|William Wightman, Florence, Alabama to Mr McNeilly, [Ireland?].
|Irish Emigration Database
|Wightman, William Jr/25
|Wightman, William Jr.
|Florence, Alabama, USA
|Mr. McNeilly worked in the Wightman household (see
|T 1475/1 p.55: Copied by Permission of Miss A. McKisack, 9, Mount Pleasant, Belfast.
|The Public Record Office, Northern Ireland.
|Document added by JM 01:09:1993.
27th November 1841.
My dear Mr McNeilly,
We arrived here about the beginning of October,
having stopped a week in New York, and one in Philadelphia.
The weather during our travelling was delightful, so that we enjoyed
it very much, except the last two or three days, when we had to
travel in the stage, both day and night which was very fatiguing to my
Mother, as she could not sleep sitting up straight, with so great a
noise and motion, which the rumbling of the wheels produced. The
part of the country through which we passed was interspersed with
beautiful scenery, and was generally well cultivated. The fences
are all made of wood, nothing being seen like a hedge or a ditch, which
would take too much time and trouble for making them. We travelled
principally by land, most of the rivers being too low, there not having
been any rain of consequence for some time previous. The roads are
in general good, particularly the National road, which is about
twelve hundred miles long. Some of the hotels where we stopped are
on a very extensive scale, containing five hundred large apartments.
My brother John is not like what Mother expected to see him, from
hearing of his having always enjoyed good health, she thought he was
Stout, instead of which he is very thin. Flesh meat is very cheap
here, it being sold at three or four cents per pound, but then you
have to take more than you really want, a cent is about the same as a
halfpenny. The weather has continued like summer weather to me, since
we arrived, with the exception of one or two rainy days when we had a
good deal of Thunder and sheet Lightning, which was very Beautiful,
and not at all dangerous. The bridge over the Jennessee at this place
is nearly half a mile long, it is built of wood, and cost $150,000
Persons going over it on horseback or in any kind of vehicle, are not
allowed to go faster than a walk, which is the case in nearly all
the bridges that we passed over in our travelling. We have purchased
a house and Garden with Carriage House, etc., for $2500 or $500 for
as long as water runs and trees grow. We are at present staying at
Uncle Simpsons as we are not to get possession of our own house till
1st January which is the time for moving here. My Uncle's plantation
is about 9 miles from Florence, he has a very good house on it, but
they seldom go to stay any time in it. We all went to it about a
fortnight since, my three cousins and I on horseback and the rest in
the carriage and Buggy, which last is something like a gig holding two
person. During our stay there, which was only two days, my cousins
and I went out in the woods to shoot squirrels, we did not see very
many and those we did were too high to shoot at with any chance of
killing. However, we shot some wild ducks and snips, near this house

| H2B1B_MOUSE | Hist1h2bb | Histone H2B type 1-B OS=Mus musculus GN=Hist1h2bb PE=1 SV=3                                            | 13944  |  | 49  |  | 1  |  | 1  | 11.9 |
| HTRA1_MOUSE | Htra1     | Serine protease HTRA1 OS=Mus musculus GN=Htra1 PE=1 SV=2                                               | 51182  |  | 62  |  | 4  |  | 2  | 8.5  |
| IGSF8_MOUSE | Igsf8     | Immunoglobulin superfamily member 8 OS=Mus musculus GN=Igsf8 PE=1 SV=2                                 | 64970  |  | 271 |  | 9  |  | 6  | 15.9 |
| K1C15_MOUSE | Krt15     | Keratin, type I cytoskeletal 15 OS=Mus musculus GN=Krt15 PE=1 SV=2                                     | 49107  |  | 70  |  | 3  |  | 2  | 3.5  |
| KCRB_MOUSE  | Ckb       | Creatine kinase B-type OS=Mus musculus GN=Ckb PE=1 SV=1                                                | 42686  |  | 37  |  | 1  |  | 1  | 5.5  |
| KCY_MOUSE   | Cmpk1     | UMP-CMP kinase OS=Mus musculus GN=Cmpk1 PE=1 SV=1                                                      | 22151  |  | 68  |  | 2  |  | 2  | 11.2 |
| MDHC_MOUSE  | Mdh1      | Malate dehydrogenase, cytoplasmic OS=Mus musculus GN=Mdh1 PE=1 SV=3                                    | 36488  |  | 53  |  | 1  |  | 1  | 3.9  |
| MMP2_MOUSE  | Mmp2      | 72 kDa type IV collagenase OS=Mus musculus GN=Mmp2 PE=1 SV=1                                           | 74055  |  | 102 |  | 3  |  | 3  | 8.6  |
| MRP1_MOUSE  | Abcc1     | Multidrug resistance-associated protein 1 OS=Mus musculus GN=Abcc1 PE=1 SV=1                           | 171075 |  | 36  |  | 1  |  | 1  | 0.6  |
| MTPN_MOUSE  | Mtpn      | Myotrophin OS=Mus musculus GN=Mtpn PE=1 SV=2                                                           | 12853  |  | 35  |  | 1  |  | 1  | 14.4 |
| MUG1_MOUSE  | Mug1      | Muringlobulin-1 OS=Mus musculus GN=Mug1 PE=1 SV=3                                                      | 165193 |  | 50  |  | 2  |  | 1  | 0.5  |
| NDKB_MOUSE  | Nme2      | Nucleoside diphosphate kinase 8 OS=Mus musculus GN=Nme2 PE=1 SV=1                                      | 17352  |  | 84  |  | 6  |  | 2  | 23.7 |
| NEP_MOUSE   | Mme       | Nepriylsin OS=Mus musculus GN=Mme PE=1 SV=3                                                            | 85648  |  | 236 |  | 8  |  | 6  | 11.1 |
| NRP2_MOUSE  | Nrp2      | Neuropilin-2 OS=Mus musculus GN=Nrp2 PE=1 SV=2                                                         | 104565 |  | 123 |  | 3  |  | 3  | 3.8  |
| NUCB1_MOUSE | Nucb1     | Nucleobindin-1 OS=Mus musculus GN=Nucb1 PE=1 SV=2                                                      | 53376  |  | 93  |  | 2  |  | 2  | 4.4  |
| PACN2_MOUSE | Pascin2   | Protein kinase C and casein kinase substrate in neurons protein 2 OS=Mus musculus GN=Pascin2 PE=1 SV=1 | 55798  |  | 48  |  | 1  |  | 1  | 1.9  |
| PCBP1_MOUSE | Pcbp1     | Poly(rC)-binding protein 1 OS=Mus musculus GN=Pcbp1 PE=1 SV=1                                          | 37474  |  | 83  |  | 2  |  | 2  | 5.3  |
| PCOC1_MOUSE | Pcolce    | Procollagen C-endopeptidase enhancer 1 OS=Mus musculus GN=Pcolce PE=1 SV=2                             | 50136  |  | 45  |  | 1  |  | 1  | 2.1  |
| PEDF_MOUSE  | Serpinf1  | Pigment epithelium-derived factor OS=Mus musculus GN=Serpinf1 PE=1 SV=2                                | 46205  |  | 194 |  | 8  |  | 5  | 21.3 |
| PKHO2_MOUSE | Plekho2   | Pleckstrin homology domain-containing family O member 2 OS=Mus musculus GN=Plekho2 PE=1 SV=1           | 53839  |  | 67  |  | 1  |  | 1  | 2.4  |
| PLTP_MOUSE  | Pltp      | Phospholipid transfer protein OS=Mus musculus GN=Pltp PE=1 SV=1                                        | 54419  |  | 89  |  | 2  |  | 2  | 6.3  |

on a small pond. There are about one hundred negroes employed on the
plantation. Some fields about Florence contain 500 and some 600
Acres. In Ireland a farm one quarter the size would be considered
large. The Indians about this neighborhood have all sold their
lands, and are gone to the west of the Mississippi. Among the places
where we visited during our stay at Philadelphia, was the Chinese
Museum, which has since been shipped for London, to be exhibited there
It consisted of a large room full of Chinese manufactures, Animals,
Agricultural Tools, models and bridges, and ships, drawings, a great
number of beautiful lamps, wax figures of Mandarins and other public
officers etc., The whole were collected by an American Merchant
who got them smuggled out of the country at great expense during
fifteen years residence on the coast - they are well worth seeing.
We also visited Laurel Green, one of their burying grounds, it is very
tastefully laid out, and there is some very fine sculpture in it, it
seemed like a public walk there were so many people in it. Philadelphia
is a fine city, and is kept a great deal cleaner than New York,
it seems very quiet however after being in the latter city, where there
is so much stir. Cotton is not expected to bring so high a price as
it did last year. The fields of Cotton looked very pretty before
the frost came, which blackens the stalks but does not do any injury
to the Cotton. I did not like the bread made of the Indian Corn at
first, but I have begun to like it very well. The corn is not so
plenty as it was last year, and consequently is selling higher.
I hope your crops and Mr James both turned out very well, and that you
have not been troubled with rheumatism or any other complaint. John
intends soon writing to Mr James. There is no regular market here,
but there are a good many waggons come in nearly every day with Meat
Fowls, Butter, Eggs Vegetables etc. My Mother, Sister and Brother join
me in kind remembrance to you, Mrs McNeilly, Miss Waddell and Mr & Mrs
Murphy and all their family, and also when you are writing to Mr James
Believe me, Dear Sir,
Yours with sincere affection.
P.S. I suppose you received my letter dated from New York.